Nick: The only thing we set up was the fire scene where Graciela is telling you about the meaning of fire. Before I shot that, I knew I wanted her to speak of the philosophy, the meaning of fire. What it means to her. We’d been shooting with her in Oaxaca, in the city. So, I just brought her back to the hotel and we recorded her as a voiceover. That’s the only thing that I can think of that we set up.

One of the more beautiful scenes was Graciela in the library. Where she goes left to right across the screen and she’s singing. How did you capture the shot and get the audio?

Nate: An awesome sound guy. He did a fantastic job.

Nick: When we went and did the library shot, she was belting it out and then we’re like, that’s f*cking awesome. We sent it to Caleb [Stine] and it transitioned seamlessly into the score.

There were all these beautiful moments within the stories of each character. Were you following them around for very long? Or was some of that kind of scripted?

Nick: When we started, we basically gave ourselves a structure to work in. So, you’re just not all over the place. We gave ourselves guiding rules to be within. [To Nate] You can talk about that a little more.

Nate: With Ernesto [Pardo – cinematographer], sometimes we were filming the same scene and other times we were split apart to get different coverage of different moments of things happening in real time. But, for the most part, yeah, all of that was pretty real. You have to divide and conquer. Especially with the documentaries. Especially when you’re trying to film it a certain way. And give it a certain style. I wonder how many people maybe were thinking, “Is this set up or not?” Sometimes docs are very just observational, follow along. The observational side of it was the way Nick and Matt and Ernesto and I talked about holding shots. Letting people come in and out of shots. And be really patient on some. And then others, we’re walking with them so it’s very subjective, and you’re kind of with that character. Right over the shoulder. Right in front of them, right in their face. Beyond that just let it unfold.

Candelaria Yegole, Oaxaca, Mexico

Candelaria Yegole, Oaxaca, Mexico (home of Aquilino García López) as seen in Agave: The Spirit of a Nation

What’s Aquilino like? Seems like an interesting guy that does his own thing.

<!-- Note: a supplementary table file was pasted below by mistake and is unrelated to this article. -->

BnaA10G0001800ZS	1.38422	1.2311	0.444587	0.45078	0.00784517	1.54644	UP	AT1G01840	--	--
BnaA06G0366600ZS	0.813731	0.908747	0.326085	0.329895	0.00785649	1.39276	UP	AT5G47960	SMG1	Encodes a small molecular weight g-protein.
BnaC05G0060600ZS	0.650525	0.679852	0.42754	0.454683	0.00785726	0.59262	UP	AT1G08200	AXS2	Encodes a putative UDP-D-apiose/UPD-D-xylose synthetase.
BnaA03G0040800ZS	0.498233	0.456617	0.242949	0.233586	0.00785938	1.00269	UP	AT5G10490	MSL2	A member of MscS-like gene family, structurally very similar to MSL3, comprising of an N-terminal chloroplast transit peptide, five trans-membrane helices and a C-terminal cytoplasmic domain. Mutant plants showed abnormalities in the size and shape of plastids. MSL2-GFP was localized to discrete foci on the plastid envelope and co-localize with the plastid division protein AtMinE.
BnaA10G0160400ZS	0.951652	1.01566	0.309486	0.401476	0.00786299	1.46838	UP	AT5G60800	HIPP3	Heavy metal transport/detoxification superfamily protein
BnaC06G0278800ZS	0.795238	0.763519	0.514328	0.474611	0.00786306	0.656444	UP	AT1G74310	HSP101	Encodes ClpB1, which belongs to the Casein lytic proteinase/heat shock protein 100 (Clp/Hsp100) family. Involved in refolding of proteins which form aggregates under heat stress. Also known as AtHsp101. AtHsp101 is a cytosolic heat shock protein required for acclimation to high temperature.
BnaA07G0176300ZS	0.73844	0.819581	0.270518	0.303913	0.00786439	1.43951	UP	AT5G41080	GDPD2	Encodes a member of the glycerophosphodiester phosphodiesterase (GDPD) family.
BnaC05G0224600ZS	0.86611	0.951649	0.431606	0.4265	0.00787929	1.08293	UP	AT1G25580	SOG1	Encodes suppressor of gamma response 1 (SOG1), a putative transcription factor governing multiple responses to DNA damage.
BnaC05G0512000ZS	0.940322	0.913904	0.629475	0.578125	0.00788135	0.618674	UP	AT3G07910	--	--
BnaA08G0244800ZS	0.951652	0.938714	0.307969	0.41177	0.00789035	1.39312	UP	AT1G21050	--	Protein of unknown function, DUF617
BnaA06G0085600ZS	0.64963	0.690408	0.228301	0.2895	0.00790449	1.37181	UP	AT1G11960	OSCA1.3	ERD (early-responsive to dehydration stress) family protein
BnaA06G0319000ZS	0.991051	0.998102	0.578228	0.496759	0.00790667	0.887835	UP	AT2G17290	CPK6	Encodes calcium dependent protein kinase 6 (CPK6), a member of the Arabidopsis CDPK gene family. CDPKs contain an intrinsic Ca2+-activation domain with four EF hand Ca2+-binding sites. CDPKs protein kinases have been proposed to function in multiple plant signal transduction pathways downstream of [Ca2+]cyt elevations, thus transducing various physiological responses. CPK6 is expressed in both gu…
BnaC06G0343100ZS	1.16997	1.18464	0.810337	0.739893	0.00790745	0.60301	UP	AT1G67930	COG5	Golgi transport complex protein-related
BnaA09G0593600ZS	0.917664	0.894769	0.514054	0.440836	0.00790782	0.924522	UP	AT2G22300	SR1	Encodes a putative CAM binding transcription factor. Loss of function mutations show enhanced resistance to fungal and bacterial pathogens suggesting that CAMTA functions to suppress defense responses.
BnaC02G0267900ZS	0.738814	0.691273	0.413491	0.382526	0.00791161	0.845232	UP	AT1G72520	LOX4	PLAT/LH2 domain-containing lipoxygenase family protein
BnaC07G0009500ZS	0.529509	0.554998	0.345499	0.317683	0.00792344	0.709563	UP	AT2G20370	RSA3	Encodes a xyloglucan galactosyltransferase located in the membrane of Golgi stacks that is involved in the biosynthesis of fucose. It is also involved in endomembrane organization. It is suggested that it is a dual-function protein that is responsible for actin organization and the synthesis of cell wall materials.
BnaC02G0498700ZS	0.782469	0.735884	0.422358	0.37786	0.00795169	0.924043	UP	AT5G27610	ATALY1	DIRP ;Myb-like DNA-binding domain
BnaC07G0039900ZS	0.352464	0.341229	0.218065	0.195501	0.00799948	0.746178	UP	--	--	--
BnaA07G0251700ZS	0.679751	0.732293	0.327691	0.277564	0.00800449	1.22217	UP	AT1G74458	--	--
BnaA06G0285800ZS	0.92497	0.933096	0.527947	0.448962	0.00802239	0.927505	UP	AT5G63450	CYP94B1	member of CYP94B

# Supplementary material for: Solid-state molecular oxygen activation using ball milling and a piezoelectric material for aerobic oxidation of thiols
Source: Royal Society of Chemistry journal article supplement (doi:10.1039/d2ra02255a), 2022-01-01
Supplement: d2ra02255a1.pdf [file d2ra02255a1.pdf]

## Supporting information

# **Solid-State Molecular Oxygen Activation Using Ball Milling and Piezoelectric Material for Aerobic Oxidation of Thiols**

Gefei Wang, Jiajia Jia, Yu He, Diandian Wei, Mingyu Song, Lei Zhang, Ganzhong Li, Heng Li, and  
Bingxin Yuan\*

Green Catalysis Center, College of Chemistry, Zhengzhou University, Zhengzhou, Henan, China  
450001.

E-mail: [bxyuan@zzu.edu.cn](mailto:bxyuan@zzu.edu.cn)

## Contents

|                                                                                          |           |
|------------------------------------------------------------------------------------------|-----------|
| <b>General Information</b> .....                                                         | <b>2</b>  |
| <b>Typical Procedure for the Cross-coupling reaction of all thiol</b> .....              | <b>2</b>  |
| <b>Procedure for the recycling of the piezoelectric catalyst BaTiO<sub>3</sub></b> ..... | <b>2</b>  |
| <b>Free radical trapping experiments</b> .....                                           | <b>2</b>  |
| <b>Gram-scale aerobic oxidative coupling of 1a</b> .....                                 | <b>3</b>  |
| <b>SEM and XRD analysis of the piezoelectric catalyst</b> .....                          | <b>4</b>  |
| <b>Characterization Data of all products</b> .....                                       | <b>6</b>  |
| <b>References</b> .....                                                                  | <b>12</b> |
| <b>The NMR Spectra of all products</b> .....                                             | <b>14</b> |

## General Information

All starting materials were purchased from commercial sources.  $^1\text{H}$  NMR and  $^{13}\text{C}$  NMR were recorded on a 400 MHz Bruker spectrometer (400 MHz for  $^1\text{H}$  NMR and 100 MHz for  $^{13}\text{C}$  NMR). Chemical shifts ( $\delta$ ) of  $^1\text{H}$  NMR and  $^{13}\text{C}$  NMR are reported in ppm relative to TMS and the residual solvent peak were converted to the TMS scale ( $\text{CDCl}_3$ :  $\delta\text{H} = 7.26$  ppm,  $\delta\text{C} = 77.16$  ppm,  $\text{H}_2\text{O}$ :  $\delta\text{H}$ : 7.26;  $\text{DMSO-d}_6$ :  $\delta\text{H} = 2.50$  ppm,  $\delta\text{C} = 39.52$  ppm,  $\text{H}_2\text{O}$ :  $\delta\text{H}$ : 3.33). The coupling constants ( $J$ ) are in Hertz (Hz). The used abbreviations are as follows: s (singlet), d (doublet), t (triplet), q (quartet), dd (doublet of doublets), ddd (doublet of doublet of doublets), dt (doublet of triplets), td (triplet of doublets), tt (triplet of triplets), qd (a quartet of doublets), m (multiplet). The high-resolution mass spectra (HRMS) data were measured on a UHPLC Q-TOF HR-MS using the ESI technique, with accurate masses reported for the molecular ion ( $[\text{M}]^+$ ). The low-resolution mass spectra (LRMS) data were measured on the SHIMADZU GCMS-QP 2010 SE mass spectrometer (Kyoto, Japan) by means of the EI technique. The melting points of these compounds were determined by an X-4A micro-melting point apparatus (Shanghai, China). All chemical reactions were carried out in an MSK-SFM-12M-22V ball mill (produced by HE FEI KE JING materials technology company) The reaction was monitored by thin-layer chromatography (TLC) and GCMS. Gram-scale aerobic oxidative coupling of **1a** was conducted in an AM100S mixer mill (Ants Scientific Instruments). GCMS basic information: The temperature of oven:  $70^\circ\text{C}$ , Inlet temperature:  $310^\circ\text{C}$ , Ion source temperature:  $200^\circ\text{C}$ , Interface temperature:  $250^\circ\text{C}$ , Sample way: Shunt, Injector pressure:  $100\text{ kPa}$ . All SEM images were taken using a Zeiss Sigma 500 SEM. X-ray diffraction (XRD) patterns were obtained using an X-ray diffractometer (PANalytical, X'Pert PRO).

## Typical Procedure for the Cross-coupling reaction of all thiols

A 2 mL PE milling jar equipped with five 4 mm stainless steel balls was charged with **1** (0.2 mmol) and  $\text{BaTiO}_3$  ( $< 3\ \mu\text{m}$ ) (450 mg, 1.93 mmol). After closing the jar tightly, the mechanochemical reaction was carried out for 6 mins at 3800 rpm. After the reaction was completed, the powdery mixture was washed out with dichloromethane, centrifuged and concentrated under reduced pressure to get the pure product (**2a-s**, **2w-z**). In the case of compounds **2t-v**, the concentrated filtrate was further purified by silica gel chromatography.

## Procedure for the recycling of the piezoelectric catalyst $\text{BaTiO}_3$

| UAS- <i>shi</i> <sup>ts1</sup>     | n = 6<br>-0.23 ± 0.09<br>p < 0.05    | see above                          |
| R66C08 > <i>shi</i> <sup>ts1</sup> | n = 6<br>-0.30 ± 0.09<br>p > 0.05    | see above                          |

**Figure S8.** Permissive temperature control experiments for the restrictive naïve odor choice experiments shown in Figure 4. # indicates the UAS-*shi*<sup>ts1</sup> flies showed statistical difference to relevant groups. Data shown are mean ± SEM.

Nick: He’s badass.

Matt: He’s the most badass person I’ve ever met.

Nick: He’s a man versus nature.

Matt: Visually, nature. And hence that’s why there’s a lot of composition where he is a very small part of nature. We’re always cutting to these shots where he’s in these expanses or he’s driving off a mountain, or he’s [visually] lost in the field…

Or in a river?

Matt: That’s how I met Aquilino. We get to the river and coming across this river is this man in a white wife-beater and tighty whities. And his knife. And I was like, oh my God. I have not spoken a word to this man yet, but I am already in love with who he is.

It’s awesome that you got Damien Alcazar to do some of the narration. How did that work?

Nick: Three or four years ago when I just had thought about this documentary. Just as an idea, I looked at the films that were all coming out. Every year, the national Mexican film board releases a book, and in that book there’s everything they’ve done. Looking through it, there’s this film that stuck out. I watched the trailer. Damien is in it. Fast forward, we’re doing this film and we’re talking about how we’re going to do narration. We’ve never done it before. Who should we get to do it? I finally had a chance to watch that film and I was like, this guy is awesome. He’s got a fantastic voice. Really great. And then I looked in little bit more at his Wikipedia and he’s a person who uses his stardom to voice the concerns of the people. He really represents the people.